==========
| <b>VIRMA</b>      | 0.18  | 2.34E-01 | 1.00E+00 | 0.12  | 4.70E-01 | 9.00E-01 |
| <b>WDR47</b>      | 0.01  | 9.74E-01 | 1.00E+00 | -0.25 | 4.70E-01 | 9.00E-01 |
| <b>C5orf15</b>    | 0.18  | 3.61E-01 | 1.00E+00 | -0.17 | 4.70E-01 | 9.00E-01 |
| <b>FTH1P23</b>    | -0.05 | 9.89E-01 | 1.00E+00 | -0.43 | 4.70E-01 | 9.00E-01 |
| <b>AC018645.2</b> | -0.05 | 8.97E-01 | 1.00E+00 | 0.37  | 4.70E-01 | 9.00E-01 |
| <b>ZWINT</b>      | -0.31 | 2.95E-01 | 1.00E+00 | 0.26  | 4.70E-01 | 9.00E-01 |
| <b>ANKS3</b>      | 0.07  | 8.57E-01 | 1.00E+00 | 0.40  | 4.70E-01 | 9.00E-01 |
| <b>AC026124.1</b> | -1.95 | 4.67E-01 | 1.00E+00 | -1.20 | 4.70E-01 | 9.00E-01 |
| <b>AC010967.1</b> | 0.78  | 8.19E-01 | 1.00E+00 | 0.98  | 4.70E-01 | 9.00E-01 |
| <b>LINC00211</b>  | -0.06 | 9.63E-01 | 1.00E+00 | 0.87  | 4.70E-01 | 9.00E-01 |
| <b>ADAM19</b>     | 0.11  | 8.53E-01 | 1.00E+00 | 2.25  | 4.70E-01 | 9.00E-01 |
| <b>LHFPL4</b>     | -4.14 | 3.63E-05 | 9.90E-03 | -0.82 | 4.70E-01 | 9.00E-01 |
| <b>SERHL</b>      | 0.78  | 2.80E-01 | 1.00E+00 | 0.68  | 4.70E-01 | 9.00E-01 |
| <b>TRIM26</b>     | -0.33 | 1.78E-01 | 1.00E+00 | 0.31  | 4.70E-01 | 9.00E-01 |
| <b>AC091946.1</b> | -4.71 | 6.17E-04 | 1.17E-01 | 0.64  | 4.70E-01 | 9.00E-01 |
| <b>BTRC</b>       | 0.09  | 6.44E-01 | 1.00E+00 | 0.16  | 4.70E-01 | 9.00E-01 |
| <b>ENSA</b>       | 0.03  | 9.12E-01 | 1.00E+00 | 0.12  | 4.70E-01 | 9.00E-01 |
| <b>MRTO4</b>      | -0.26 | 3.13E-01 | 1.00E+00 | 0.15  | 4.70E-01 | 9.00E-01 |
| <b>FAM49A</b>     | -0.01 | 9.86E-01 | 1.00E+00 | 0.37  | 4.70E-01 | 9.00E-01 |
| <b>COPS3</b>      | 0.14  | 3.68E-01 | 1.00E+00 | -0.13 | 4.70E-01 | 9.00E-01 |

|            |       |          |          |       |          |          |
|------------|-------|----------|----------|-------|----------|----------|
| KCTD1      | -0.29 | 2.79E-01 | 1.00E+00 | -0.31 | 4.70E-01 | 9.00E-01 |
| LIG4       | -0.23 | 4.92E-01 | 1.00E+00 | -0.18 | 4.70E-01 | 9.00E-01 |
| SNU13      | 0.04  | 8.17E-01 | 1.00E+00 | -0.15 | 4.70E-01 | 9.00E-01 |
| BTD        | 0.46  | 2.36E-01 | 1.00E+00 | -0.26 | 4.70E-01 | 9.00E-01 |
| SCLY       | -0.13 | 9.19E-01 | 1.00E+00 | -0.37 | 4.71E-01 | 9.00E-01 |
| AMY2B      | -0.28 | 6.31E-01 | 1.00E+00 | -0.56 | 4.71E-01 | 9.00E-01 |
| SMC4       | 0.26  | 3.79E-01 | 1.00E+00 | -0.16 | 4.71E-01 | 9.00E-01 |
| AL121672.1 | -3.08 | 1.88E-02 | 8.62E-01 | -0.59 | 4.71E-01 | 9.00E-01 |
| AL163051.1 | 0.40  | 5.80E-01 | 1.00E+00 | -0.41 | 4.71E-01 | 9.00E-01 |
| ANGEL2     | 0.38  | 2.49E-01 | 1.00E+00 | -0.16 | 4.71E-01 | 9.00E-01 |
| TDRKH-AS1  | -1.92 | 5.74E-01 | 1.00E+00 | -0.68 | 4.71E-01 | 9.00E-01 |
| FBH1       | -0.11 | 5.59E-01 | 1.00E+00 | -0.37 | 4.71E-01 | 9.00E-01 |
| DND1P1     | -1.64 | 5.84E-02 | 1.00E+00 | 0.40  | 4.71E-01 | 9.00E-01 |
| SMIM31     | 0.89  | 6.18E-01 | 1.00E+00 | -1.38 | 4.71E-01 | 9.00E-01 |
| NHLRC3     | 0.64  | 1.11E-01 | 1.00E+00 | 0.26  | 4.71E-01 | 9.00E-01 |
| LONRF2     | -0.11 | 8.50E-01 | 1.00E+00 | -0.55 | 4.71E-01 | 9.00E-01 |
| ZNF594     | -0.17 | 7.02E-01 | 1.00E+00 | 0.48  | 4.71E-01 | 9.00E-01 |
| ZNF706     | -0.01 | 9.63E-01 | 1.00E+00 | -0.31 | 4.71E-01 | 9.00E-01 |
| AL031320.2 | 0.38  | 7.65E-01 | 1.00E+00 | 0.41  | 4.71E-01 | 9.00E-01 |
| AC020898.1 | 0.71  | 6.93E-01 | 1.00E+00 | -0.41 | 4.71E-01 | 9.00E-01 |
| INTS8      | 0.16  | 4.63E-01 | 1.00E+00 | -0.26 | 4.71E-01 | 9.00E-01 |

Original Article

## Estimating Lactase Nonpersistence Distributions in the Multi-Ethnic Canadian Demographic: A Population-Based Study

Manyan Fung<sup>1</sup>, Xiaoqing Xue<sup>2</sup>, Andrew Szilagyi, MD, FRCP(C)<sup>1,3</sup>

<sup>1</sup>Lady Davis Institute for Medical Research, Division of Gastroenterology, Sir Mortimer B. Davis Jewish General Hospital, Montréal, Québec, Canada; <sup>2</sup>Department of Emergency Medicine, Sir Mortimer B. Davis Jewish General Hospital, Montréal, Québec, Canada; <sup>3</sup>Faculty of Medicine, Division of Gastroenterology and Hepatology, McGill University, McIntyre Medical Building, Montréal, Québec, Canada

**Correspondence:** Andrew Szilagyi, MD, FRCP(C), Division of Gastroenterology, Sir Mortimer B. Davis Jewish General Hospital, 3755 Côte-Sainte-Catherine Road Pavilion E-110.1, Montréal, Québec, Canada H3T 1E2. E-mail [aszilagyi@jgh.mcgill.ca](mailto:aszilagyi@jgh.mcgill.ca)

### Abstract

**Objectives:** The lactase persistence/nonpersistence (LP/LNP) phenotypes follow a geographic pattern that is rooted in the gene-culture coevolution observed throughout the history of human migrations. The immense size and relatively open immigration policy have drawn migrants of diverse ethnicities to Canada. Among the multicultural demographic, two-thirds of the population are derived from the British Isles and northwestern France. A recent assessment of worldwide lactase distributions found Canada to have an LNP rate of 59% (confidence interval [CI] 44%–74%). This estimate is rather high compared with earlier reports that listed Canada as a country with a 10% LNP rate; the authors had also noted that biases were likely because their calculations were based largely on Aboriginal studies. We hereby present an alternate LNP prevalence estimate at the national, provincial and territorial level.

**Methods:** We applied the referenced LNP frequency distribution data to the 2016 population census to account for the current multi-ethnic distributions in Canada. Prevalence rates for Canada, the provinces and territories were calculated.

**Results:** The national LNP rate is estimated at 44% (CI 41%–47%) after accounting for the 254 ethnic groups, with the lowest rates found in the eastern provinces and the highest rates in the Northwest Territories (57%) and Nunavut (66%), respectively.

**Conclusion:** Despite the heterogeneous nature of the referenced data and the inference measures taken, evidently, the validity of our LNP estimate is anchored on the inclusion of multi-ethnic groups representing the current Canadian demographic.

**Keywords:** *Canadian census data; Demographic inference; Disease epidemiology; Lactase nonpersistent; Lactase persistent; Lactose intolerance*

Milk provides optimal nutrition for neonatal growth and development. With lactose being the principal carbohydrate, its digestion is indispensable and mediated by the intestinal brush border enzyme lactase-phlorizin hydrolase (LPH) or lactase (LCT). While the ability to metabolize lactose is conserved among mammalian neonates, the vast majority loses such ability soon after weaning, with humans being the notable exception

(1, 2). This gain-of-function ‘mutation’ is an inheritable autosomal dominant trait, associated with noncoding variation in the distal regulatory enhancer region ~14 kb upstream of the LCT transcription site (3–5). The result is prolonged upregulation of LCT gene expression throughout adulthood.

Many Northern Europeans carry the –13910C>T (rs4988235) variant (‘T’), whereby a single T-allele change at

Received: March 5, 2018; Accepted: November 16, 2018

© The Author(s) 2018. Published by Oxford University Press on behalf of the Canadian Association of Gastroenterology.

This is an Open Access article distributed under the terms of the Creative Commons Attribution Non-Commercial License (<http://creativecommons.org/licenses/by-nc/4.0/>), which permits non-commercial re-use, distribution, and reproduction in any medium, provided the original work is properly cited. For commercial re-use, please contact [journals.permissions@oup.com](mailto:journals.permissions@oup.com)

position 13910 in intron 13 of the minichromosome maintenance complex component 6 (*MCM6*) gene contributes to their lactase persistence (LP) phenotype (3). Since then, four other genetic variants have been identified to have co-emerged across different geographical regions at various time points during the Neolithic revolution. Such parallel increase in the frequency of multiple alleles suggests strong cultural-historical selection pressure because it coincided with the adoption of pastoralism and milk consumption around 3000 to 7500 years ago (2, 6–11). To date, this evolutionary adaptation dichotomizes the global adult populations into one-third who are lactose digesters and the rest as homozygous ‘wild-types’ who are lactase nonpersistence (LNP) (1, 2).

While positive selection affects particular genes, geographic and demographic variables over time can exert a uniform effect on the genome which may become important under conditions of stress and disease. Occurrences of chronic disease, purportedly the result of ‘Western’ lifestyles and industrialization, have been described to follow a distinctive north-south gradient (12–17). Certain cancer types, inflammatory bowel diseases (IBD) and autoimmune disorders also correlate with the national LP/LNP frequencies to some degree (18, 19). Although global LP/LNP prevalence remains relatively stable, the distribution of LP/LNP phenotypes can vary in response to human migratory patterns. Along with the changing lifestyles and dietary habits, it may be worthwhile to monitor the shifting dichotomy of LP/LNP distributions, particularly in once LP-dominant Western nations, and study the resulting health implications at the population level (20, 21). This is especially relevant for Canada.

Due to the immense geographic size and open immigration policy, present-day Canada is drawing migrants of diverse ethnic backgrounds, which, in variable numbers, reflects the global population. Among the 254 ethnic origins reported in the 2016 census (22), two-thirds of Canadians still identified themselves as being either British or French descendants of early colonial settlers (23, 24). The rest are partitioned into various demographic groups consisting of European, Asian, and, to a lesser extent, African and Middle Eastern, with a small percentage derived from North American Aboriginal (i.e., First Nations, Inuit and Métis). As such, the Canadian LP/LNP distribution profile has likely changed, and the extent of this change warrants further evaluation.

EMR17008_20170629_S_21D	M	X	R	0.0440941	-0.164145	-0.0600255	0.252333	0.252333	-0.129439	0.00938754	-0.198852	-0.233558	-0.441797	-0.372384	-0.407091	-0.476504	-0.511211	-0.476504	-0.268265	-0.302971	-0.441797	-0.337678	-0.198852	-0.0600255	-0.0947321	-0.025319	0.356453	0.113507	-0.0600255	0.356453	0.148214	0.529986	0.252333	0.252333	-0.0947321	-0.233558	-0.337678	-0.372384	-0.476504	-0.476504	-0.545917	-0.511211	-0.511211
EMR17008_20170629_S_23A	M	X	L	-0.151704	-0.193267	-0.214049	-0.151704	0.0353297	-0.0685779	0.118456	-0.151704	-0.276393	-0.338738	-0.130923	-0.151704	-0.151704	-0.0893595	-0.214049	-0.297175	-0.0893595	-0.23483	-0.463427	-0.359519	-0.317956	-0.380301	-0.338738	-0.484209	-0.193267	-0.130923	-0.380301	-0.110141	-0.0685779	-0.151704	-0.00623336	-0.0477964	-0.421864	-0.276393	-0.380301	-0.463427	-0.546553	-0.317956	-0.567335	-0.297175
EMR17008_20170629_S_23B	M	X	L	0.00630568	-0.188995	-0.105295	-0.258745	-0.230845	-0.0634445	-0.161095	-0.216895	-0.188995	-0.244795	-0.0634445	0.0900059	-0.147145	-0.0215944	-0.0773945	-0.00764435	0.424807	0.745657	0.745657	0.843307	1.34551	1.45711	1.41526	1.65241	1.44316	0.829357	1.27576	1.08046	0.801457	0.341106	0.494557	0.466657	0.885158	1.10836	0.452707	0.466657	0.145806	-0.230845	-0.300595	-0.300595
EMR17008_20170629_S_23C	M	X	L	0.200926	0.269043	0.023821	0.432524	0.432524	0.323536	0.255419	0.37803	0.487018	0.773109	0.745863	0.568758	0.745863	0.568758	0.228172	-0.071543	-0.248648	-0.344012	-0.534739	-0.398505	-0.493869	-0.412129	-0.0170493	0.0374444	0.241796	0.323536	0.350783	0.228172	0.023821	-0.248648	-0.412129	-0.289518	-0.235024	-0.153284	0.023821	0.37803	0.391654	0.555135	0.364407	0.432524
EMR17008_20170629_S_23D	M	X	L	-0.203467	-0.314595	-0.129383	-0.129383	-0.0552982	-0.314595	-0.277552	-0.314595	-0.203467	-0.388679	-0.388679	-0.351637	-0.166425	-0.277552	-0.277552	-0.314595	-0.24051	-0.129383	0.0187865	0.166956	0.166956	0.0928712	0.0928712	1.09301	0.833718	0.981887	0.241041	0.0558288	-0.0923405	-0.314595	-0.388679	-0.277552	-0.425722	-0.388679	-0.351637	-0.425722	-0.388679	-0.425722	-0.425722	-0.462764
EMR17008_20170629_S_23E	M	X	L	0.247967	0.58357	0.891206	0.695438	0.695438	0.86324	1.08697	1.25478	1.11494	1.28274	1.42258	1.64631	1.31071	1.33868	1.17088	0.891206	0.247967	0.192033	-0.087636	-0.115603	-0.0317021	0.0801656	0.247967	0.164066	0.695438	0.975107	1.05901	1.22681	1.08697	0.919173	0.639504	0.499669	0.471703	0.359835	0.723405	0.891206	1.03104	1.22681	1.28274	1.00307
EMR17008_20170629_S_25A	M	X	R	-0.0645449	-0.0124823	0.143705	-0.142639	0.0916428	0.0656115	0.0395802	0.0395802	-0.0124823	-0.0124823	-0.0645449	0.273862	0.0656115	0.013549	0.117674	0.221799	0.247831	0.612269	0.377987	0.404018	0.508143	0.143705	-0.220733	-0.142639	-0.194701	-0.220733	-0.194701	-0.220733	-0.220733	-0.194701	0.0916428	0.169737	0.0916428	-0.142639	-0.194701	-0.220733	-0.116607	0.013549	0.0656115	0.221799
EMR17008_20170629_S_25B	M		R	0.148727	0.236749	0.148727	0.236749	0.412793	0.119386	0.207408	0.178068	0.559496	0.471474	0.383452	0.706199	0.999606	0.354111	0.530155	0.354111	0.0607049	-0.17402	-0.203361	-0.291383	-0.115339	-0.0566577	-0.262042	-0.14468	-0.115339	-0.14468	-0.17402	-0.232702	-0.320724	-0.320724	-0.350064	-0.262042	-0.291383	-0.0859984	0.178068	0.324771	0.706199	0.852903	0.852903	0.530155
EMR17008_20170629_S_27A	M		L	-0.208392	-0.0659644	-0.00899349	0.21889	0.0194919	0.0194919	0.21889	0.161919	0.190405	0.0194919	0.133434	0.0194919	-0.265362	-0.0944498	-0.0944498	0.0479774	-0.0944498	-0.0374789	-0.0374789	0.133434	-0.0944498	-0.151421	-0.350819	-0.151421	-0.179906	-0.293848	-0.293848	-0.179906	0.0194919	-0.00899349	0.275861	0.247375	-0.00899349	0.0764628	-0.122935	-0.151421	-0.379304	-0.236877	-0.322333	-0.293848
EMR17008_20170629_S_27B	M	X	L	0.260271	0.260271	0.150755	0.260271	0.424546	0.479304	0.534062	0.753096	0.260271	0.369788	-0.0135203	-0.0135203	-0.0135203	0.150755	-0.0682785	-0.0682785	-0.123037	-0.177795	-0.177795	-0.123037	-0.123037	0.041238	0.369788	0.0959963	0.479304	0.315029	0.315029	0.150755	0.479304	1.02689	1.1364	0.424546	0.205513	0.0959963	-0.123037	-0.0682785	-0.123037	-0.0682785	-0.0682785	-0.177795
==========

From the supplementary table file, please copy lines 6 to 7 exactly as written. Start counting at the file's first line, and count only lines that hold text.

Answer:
| <b>ZWINT</b>      | -0.31 | 2.95E-01 | 1.00E+00 | 0.26  | 4.70E-01 | 9.00E-01 |
| <b>ANKS3</b>      | 0.07  | 8.57E-01 | 1.00E+00 | 0.40  | 4.70E-01 | 9.00E-01 |